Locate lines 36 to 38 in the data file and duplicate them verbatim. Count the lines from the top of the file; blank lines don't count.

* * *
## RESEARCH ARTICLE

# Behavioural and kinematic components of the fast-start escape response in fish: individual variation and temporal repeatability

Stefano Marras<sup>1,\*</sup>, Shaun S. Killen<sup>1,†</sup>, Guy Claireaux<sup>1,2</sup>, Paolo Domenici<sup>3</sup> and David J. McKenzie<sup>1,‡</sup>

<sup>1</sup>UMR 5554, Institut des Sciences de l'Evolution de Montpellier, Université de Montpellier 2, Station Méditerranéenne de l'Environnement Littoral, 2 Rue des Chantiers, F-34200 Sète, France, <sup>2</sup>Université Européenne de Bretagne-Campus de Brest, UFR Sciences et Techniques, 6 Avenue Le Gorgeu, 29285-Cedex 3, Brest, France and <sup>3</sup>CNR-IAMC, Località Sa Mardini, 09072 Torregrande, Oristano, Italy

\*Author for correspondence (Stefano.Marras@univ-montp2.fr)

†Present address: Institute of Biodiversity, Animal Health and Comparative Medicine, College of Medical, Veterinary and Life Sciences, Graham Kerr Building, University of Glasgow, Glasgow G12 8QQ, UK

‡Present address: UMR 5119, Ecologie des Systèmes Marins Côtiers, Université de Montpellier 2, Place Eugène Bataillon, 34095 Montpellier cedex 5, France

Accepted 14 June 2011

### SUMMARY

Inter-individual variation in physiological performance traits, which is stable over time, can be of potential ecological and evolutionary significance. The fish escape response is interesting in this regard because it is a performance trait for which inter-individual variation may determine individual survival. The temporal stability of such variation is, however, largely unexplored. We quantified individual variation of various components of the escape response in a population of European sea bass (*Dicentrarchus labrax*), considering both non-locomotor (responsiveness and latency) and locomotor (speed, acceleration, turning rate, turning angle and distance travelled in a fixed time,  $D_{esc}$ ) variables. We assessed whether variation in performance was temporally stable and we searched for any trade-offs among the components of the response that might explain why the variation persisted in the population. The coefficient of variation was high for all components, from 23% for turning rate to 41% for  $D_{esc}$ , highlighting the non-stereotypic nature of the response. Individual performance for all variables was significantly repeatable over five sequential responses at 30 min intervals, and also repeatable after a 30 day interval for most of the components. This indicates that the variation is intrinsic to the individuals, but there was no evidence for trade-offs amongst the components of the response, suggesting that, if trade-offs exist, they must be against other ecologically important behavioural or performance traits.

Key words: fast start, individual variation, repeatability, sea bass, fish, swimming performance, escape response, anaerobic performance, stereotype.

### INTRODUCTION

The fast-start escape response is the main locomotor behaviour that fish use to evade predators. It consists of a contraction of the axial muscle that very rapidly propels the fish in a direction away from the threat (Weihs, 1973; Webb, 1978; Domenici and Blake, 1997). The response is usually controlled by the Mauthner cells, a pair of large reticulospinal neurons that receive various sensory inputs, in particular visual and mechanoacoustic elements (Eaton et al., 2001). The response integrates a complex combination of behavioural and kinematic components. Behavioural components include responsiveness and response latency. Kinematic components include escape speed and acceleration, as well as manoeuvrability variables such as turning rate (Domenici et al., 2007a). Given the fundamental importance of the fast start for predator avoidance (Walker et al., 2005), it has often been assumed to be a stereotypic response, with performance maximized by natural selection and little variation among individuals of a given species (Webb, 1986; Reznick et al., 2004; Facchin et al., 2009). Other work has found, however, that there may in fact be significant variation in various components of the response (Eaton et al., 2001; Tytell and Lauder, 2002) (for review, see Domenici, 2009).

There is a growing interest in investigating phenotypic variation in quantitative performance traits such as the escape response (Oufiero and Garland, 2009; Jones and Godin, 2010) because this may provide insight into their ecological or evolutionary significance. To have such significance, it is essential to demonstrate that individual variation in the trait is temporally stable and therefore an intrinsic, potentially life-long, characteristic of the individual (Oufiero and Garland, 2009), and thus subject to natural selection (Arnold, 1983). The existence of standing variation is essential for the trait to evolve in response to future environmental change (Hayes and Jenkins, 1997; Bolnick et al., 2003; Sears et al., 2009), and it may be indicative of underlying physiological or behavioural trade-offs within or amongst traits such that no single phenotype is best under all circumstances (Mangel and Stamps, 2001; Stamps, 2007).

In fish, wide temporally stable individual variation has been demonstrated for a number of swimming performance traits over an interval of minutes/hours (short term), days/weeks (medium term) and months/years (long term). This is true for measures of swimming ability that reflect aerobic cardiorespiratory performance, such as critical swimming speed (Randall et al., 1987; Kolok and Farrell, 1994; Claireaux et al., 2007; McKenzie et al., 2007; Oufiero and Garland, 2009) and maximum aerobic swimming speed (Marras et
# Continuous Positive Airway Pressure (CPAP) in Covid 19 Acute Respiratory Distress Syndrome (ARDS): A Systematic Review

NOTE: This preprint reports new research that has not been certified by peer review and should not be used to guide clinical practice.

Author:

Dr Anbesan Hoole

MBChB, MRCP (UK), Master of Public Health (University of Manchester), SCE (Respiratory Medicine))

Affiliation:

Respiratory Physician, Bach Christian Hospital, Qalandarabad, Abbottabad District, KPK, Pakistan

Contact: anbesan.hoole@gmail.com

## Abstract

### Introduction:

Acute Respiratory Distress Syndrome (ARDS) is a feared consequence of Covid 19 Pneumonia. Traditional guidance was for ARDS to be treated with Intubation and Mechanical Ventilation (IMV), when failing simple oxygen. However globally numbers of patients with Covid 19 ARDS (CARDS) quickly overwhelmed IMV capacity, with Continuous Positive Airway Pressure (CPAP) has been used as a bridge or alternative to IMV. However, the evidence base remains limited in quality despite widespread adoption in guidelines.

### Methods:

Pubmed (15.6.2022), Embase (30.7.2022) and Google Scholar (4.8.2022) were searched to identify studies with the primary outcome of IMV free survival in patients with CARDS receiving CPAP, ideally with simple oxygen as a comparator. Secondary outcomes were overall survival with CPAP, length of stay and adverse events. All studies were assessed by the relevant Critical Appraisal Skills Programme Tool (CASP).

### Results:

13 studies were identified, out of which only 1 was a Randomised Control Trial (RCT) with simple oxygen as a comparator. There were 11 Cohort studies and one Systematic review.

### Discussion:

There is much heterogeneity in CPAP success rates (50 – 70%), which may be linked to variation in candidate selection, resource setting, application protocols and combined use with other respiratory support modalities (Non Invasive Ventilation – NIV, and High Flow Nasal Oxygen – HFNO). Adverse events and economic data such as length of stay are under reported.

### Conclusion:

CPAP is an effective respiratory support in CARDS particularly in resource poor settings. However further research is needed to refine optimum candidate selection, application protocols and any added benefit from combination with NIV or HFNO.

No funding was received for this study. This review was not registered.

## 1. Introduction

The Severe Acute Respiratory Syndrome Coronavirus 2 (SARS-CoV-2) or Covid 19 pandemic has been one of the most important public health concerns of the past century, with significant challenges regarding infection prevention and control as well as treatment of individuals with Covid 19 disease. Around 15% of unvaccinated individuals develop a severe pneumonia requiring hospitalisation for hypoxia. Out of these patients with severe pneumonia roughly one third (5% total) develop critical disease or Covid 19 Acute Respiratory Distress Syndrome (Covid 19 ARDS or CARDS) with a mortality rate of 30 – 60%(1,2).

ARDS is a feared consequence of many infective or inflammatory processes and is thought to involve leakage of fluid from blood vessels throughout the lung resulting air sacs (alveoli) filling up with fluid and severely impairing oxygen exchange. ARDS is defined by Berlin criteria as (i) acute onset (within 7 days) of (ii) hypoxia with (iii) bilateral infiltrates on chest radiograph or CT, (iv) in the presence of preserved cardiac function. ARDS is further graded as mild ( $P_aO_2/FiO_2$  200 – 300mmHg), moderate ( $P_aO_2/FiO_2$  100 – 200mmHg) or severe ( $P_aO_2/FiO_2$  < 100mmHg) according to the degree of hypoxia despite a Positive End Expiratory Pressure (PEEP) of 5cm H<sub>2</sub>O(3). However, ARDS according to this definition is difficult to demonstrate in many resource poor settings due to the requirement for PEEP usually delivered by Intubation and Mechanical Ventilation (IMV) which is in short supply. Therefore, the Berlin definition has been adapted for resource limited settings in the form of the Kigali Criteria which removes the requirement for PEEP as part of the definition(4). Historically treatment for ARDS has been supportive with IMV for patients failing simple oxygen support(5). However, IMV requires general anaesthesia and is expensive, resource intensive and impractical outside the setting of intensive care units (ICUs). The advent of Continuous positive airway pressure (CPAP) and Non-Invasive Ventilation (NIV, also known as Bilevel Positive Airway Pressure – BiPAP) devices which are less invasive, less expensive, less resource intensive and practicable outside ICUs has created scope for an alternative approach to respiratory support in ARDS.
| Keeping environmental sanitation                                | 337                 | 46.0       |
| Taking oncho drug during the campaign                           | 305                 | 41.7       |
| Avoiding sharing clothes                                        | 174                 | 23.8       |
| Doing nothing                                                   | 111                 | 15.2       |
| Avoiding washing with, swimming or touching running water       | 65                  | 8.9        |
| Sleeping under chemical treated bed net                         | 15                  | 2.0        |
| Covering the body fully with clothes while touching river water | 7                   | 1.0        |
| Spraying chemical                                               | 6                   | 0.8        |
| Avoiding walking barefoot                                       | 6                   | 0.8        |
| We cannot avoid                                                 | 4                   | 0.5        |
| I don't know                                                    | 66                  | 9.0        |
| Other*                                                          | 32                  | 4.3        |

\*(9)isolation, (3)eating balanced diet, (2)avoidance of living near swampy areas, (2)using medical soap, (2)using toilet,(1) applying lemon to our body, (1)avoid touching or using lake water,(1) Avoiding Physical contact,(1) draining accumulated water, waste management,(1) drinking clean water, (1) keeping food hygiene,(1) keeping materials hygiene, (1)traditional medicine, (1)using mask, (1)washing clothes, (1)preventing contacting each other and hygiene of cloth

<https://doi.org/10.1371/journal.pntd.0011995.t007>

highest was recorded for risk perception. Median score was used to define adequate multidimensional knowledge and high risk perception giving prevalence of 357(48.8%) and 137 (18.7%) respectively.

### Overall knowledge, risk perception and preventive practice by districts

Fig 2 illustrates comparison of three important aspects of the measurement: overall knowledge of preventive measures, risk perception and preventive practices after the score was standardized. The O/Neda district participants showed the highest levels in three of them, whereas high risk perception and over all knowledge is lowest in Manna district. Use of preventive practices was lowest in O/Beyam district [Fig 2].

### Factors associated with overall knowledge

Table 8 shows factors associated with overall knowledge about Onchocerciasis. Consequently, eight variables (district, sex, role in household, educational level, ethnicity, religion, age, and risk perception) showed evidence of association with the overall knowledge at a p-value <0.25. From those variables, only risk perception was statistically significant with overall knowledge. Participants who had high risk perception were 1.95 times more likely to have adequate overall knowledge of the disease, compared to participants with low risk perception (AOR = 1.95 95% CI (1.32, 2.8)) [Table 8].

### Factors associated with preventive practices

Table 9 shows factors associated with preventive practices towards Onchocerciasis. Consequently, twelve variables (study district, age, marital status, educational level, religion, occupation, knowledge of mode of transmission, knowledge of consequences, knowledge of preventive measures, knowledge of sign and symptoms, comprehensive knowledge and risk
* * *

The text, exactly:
## 1. Introduction

The Severe Acute Respiratory Syndrome Coronavirus 2 (SARS-CoV-2) or Covid 19 pandemic has been one of the most important public health concerns of the past century, with significant challenges regarding infection prevention and control as well as treatment of individuals with Covid 19 disease. Around 15% of unvaccinated individuals develop a severe pneumonia requiring hospitalisation for hypoxia. Out of these patients with severe pneumonia roughly one third (5% total) develop critical disease or Covid 19 Acute Respiratory Distress Syndrome (Covid 19 ARDS or CARDS) with a mortality rate of 30 – 60%(1,2).

ARDS is a feared consequence of many infective or inflammatory processes and is thought to involve leakage of fluid from blood vessels throughout the lung resulting air sacs (alveoli) filling up with fluid and severely impairing oxygen exchange. ARDS is defined by Berlin criteria as (i) acute onset (within 7 days) of (ii) hypoxia with (iii) bilateral infiltrates on chest radiograph or CT, (iv) in the presence of preserved cardiac function. ARDS is further graded as mild ( $P_aO_2/FiO_2$  200 – 300mmHg), moderate ( $P_aO_2/FiO_2$  100 – 200mmHg) or severe ( $P_aO_2/FiO_2$  < 100mmHg) according to the degree of hypoxia despite a Positive End Expiratory Pressure (PEEP) of 5cm H<sub>2</sub>O(3). However, ARDS according to this definition is difficult to demonstrate in many resource poor settings due to the requirement for PEEP usually delivered by Intubation and Mechanical Ventilation (IMV) which is in short supply. Therefore, the Berlin definition has been adapted for resource limited settings in the form of the Kigali Criteria which removes the requirement for PEEP as part of the definition(4). Historically treatment for ARDS has been supportive with IMV for patients failing simple oxygen support(5). However, IMV requires general anaesthesia and is expensive, resource intensive and impractical outside the setting of intensive care units (ICUs). The advent of Continuous positive airway pressure (CPAP) and Non-Invasive Ventilation (NIV, also known as Bilevel Positive Airway Pressure – BiPAP) devices which are less invasive, less expensive, less resource intensive and practicable outside ICUs has created scope for an alternative approach to respiratory support in ARDS.